With people groups from the 10-40 window, major college campuses nearby, and the high concentration of Buddhists and Roman Catholics, Hacienda Heights fit the criteria Yong looked for in a ministry opportunity after he returned from a three-year stint serving as an associate pastor at the United Christian Church of Dubai in the United Arab Emirates. 

More than 80 percent of Dubai’s population are expatriates with a diversity of religious backgrounds, and as a result Yong found countless opportunities to strike up gospel conversations. When he and his family returned to the United States in 2011, Yong sought to minister in a neighborhood with similar characteristics.

After several visits to FBC of Hacienda Heights — where Jeremy and Melanie became the ninth and 10th members — Yong agreed to a leadership transition, serving first as an associate before becoming the senior pastor in 2014. He graduated with his Doctor of Ministry from Southern in 2015.

Teaching at nearby Biola University led to an influx of younger members, which prompted Yong to consider how to bridge the resulting generational and cultural divides. In Asian cultures, an honor-shame mentality hinders transparency and confession of sin, and rigid lines of authority prevent substantial interaction across generations.

Yong has sought to model healthy church community by inviting members into his home and confessing his weaknesses, a startling departure from many who are used to believers “saving face” and leaders distancing themselves from the congregation. This style of pastoral leadership is clear evidence of Dever’s influence, who subverted Yong’s understanding of authority with a genuine friendship, honesty, and frequent jokes.

“It’s hard to identify what makes some people feel uncomfortable, but we’re just trying to encourage them and say the gospel breaks down these walls of hostility,” Yong said, noting some Asian believers have resisted his transparent leadership style. “Even if we may have nothing in common on a human or preference level, nevertheless we still have Jesus, the most important thing, in common so that should cause us to really love one another for the gospel’s sake.”

Moralism and legalism jive really well with Asians because of the cultural background of Confucianism, where that’s kind of what makes the world go round.

Investing in the “long and hard work of getting to know other people” has transformed lives at FBC of Hacienda Heights. Paul Kim, who was raised in a Korean Church in northern California and joined the Hacienda Heights congregation in 2014, lives with Yong and his family, which in itself has uprooted cultural barriers to experiencing grace through biblical community. Kim says Korean church leadership is more about blind submission on the basis of title, while Yong has demonstrated his leadership is tied clearly to Scripture. Yong’s personality and willingness to let Kim see how he interacts with his family behind the scenes and even allow him to point out Yong’s weaknesses has helped reinforce what Christian community looks like.

“In Korean-culture church you have to present yourself at face value, that you’re holy and good and don’t want to show signs of weakness,” Kim said. “So confessing sins is not a normal thing or a part of the conversation — very surface-level appearances and never getting to the heart issues.”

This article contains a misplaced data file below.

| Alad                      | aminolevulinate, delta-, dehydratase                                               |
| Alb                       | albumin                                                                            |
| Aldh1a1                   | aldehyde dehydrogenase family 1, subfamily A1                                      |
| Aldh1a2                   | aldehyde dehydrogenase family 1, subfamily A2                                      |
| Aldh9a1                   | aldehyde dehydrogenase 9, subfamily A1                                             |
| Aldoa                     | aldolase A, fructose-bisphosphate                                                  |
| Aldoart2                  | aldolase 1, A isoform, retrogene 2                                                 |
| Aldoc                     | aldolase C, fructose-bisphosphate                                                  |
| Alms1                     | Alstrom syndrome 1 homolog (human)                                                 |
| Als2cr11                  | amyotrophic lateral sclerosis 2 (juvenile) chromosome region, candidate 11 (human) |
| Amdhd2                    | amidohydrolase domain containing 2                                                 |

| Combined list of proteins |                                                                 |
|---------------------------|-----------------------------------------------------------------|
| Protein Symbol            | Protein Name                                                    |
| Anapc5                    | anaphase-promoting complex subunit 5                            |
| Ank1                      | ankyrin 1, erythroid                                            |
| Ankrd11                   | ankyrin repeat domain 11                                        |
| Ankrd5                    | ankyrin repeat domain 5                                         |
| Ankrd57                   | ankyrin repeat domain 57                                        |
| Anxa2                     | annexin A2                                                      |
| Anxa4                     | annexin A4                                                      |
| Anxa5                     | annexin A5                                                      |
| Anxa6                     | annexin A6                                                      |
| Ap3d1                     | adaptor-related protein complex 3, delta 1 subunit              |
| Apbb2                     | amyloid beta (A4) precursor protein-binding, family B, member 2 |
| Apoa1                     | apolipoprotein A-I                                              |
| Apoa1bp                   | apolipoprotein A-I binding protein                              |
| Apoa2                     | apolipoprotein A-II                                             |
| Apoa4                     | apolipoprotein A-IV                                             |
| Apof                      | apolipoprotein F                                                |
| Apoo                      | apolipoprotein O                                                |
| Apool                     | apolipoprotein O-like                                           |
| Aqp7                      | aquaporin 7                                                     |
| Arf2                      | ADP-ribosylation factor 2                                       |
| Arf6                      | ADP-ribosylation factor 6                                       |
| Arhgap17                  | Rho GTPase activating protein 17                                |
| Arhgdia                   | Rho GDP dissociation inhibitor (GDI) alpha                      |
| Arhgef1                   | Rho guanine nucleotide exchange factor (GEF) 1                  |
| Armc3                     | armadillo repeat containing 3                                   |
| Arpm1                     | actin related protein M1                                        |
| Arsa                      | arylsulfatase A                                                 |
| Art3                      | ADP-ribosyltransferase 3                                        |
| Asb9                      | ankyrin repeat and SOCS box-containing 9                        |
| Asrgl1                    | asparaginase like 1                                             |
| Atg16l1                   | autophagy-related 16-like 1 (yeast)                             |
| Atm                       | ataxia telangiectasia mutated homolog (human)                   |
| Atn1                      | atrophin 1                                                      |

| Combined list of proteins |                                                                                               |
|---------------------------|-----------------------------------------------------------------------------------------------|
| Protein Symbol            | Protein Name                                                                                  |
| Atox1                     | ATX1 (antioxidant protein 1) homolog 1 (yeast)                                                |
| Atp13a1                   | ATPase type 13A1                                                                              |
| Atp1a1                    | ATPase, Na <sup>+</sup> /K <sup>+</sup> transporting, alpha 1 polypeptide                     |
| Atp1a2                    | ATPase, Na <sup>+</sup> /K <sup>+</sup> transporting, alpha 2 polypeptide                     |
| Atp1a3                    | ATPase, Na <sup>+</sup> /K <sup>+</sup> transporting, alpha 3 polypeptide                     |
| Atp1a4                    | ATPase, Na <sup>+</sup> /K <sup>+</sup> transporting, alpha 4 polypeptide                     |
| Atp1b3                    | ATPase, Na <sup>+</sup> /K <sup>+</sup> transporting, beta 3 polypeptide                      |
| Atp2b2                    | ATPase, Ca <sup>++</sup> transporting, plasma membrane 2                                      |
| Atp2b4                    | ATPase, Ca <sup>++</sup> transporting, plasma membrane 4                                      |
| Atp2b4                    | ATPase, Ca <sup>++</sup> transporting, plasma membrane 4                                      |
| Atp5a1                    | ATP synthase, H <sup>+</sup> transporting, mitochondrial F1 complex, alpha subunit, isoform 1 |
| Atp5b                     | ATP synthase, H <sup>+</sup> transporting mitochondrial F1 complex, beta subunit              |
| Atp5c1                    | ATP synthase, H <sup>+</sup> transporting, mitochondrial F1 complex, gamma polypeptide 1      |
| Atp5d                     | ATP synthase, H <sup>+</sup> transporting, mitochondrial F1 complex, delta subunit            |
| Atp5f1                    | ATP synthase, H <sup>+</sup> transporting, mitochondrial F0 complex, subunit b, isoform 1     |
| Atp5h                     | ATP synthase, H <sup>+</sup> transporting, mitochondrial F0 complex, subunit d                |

Pastoral assistant Oscar Vasquez, a Southern Seminary Global Campus student, was introduced to Yong at Biola. While he is Hispanic, Vasquez’s personal testimony mirrors Yong’s — raised in a Pentecostal church in South LA, he led a rebellious lifestyle loosely affiliated with gangs before MacArthur’s preaching convicted him, and then he experienced personal and theological revival at Biola — and his time under Yong’s ministry has forced him to acknowledge his own tendency toward legalism and embrace the truth of God’s grace, that faith is not earned and cannot be lost.

In conversations with several church members, all, regardless of how long they had been believers, remarked to Southern Seminary Magazine on the importance of Christian unity despite their cultural diversity. Vasquez spoke of the blessings he’s experienced through sacrificing his preferences for gospel unity.

“We might see things differently because of our cultures but ultimately what defines us is the gospel and not what we’ve been taught in this world,” Vasquez said. “I’ve been a recipient of that, a dying to myself, and as I’ve come to learn about cultures and backgrounds it’s helped me enrich my relationship with them but also better understand how to share the gospel with folks outside the church.”

The evangelistic emphasis that Yong has modeled for his members has resulted in several conversions and baptisms recently. Southern Seminary Magazine spoke to two converts who professed faith in Christ as a result of faithful witness from members in the workplace and have been baptized in the past year. Adrian Chavez and real estate agent Jay Figueroa both attested how the congregation demonstrates what it means to be part of God’s family and roots its identity in Christ and not cultural background.

“When I thought of church I would think of a Spanish-speaking church,” Chavez said, “so coming here and seeing all these different races coming together — even me, my arms have tattoos and my ears are stretched because of piercing — it’s not like you’re the outcast because everybody’s different. It’s comforting knowing that they’re not judging me. We don’t find our identity in the things of this world; we find our identity in Christ.”


From the highest point of Turnbull Canyon, overlooking Hacienda Heights, a thick haze settles in over the neighborhood. In the distance is one of the nation’s largest Buddhist temples, a reminder of an honor-shame culture that stifles the Christian message of grace and forgiveness.

“Moralism and legalism jive really well with Asians because of the cultural background of Confucianism, where that’s kind of what makes the world go round,” said Yong, heading down the twisting turns of the canyon.

The performance-driven nature of Asian and Hispanic spirituality is a stumbling block churches must combat when ministering to the growing ethnic groups in their neighborhoods, but it should also remind ministers of the gospel that a resistance to grace transcends cultures.


S. Craig Sanders is the executive editor of Southern Seminary Magazine.